Online Scams


This post is not about online optical retailers. They are, for the most part, honest entrepreneurs using the internet to sell their wares as many of us use our store windows. We can debate their value to the industry in some later discussion. Today I am writing mostly about email scams.

We have seen a large increase in scam emails over the past month and there is little reason to believe they are going away any time soon. As we move further and further into a digital world, there will be those who will use their computers to lie, steal, and cheat us on an ever increasing basis. Perhaps you have read recently of hacks into celebrity email and bank accounts, or of the attempts to try and affect the Florida voting results. These sorts of things are almost becoming commonplace and we as entrepreneurs without staffs of IT people to help, need to do our best to guard against them.

So, what should you be on the lookout for?


Banks and delivery services do not send zip files to tell you of deposits, bills, or delivery issues. They all keep their data behind Secure Socket Layers on their websites and require you to log into to those sites to rectify issues. Do not open any zip files from people you are not expecting zip files from. Most of us have the courtesy of telling someone we are sending X, Y, or Z via a zip file if that is needed, which in the days of cloud storage are becoming less and less.


By that same token, scam emails, especially those that portend to be offering you money will ask you to click on a link to their website. First and foremost, check the link you are being asked to visit. When you mouse over and link, the actual URL will show in the lower left corner of your email client. Does it match where you are supposedly being asked to go? is not the same as Just because it has Paypal or Citigroup in the name doesn’t make it legit. Keep in mind as well that real businesses do not use URL shortners such as or


Legitimate emails, especially about YOUR money or your account are not sent to numerous recipients. Those are personal and individual. Email servers can send out thousands of emails a seconds. There is no reason to have tons of recipients on individual emails. Another great tell is when all the recipients are email addresses very close to yours. This is a case of fishing…just coming up with random email addresses and see who might bite.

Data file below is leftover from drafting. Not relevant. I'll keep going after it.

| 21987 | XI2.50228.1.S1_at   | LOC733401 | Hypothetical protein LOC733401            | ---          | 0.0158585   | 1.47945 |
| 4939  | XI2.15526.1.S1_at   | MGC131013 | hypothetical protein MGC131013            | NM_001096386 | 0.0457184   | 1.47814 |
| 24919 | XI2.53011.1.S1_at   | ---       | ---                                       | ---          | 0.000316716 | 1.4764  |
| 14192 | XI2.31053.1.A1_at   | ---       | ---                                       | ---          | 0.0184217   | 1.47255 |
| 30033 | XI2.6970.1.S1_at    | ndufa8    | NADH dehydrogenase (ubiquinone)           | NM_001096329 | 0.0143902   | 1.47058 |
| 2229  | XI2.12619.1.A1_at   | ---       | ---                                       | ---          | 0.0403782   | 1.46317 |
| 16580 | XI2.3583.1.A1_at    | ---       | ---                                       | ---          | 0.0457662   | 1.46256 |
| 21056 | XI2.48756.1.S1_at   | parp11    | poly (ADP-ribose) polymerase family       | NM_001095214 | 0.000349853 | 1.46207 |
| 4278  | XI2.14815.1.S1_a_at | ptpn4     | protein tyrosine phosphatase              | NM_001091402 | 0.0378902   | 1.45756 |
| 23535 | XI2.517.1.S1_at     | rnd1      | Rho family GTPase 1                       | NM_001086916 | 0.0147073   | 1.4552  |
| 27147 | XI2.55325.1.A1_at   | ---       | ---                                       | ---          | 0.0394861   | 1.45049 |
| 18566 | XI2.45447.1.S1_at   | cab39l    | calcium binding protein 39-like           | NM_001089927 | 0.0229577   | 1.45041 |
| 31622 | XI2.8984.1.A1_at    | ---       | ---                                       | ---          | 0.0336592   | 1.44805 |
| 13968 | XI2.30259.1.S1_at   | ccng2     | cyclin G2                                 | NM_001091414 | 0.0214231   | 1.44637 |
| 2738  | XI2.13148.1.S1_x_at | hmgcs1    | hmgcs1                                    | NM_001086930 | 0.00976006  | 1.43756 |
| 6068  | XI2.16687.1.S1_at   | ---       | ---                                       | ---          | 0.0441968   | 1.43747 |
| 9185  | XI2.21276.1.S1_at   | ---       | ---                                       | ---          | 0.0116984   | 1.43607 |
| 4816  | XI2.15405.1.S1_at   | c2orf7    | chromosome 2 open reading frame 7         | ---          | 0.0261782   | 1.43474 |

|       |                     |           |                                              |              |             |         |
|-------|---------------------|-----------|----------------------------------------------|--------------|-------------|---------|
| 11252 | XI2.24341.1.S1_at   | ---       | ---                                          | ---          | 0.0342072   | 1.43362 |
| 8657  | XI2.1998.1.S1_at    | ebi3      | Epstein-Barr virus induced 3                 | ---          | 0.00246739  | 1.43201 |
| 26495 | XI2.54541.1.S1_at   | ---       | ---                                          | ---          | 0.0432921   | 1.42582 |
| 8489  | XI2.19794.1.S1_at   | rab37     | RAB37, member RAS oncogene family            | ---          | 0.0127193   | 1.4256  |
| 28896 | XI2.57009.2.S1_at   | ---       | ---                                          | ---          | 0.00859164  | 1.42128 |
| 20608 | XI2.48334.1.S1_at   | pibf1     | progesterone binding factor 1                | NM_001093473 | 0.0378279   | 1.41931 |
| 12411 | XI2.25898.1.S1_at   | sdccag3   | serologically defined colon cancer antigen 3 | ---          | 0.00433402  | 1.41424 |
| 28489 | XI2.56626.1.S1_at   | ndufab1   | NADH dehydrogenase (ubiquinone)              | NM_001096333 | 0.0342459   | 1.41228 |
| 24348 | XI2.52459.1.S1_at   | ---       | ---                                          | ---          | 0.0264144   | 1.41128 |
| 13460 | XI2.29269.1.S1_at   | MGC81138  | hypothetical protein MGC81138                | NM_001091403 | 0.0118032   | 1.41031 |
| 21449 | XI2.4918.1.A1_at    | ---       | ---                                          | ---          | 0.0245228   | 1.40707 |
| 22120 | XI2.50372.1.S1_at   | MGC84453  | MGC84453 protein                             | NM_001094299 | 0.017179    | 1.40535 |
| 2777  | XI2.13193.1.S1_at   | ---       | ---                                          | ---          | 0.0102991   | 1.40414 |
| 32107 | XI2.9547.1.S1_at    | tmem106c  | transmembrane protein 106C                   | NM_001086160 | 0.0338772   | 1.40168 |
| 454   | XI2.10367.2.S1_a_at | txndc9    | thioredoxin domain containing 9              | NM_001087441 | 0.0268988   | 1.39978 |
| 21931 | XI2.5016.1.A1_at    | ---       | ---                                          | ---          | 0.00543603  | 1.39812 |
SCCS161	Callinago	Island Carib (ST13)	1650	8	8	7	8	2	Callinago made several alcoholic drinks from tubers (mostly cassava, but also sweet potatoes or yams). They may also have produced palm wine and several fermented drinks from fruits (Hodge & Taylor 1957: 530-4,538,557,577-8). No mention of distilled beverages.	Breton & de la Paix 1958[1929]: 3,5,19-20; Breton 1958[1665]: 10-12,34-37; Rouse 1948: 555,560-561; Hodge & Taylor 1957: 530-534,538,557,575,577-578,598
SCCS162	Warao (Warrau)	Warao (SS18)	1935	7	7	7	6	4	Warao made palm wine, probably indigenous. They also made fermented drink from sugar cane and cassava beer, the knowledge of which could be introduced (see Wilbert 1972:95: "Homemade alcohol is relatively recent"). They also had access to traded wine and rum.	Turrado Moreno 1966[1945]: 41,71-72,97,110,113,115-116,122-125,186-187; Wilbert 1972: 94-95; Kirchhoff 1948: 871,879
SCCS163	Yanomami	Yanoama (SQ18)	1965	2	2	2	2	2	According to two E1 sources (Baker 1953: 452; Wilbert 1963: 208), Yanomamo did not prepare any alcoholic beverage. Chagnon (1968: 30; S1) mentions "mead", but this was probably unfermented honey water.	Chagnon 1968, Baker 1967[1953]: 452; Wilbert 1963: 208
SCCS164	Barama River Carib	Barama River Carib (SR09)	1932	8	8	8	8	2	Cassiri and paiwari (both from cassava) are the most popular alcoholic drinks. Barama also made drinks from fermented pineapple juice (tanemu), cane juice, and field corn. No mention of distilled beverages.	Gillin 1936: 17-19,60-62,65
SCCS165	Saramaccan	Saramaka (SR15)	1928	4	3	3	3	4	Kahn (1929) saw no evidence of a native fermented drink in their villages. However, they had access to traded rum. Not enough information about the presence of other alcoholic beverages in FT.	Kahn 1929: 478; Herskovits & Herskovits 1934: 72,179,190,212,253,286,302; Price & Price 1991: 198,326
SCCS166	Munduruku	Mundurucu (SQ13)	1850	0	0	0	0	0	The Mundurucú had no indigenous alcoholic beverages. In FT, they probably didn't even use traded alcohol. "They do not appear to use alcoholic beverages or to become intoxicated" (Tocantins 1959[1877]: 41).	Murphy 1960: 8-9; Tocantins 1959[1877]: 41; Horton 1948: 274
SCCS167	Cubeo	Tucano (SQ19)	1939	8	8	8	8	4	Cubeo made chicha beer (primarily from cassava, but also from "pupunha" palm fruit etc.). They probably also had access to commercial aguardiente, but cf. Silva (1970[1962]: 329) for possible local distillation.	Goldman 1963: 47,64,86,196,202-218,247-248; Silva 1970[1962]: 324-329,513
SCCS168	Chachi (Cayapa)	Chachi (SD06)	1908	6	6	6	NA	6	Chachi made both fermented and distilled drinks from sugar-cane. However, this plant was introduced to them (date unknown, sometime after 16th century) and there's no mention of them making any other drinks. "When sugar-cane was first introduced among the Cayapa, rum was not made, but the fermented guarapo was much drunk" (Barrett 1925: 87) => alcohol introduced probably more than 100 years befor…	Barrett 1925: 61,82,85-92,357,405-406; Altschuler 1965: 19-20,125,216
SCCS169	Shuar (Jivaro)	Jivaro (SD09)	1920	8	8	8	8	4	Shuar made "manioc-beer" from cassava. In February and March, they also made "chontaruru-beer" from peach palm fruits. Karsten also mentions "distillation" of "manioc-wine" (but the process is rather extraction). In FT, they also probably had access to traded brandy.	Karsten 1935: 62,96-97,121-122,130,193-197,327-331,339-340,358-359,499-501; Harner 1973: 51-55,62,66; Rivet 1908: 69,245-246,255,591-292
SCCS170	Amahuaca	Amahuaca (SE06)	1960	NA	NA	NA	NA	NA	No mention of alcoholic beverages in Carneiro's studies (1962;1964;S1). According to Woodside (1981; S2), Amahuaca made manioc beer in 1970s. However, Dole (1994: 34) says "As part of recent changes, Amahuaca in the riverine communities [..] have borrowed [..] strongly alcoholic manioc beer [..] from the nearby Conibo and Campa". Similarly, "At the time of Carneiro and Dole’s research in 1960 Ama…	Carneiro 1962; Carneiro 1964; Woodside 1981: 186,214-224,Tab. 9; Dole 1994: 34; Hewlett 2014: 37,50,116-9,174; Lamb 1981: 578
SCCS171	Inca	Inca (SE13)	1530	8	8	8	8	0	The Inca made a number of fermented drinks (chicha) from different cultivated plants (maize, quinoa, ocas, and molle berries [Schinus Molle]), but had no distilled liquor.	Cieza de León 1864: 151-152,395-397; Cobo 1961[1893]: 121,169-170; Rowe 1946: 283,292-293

Now, I couldn’t live without a spell checker…and even then make too many mistakes. However, an easy tell in a scam email is how sentences are structured and the email is spell checked. People for whom English is a second language make a lot of mistakes and when you take more than a second to read the email you will easily discover those mistakes.


Should an email ask you to re-enter credit information….run…not towards the email, but away. If you wonder whether the request is legitimate, go directly to the company website, not via the link, and see if by logging in you are asked to enter that information. More often than not, these sorts of requests are again trying to steal from you.


You would never suggest your patients squint directly into the sun without proper eye wear if ever at all. Why would you compute without the same level of protection?

Daniel Feldman, is a co-founder to the Visionaries Group  an optical consulting firm specializing in helping eye care practices achieve success at or on Facebook..

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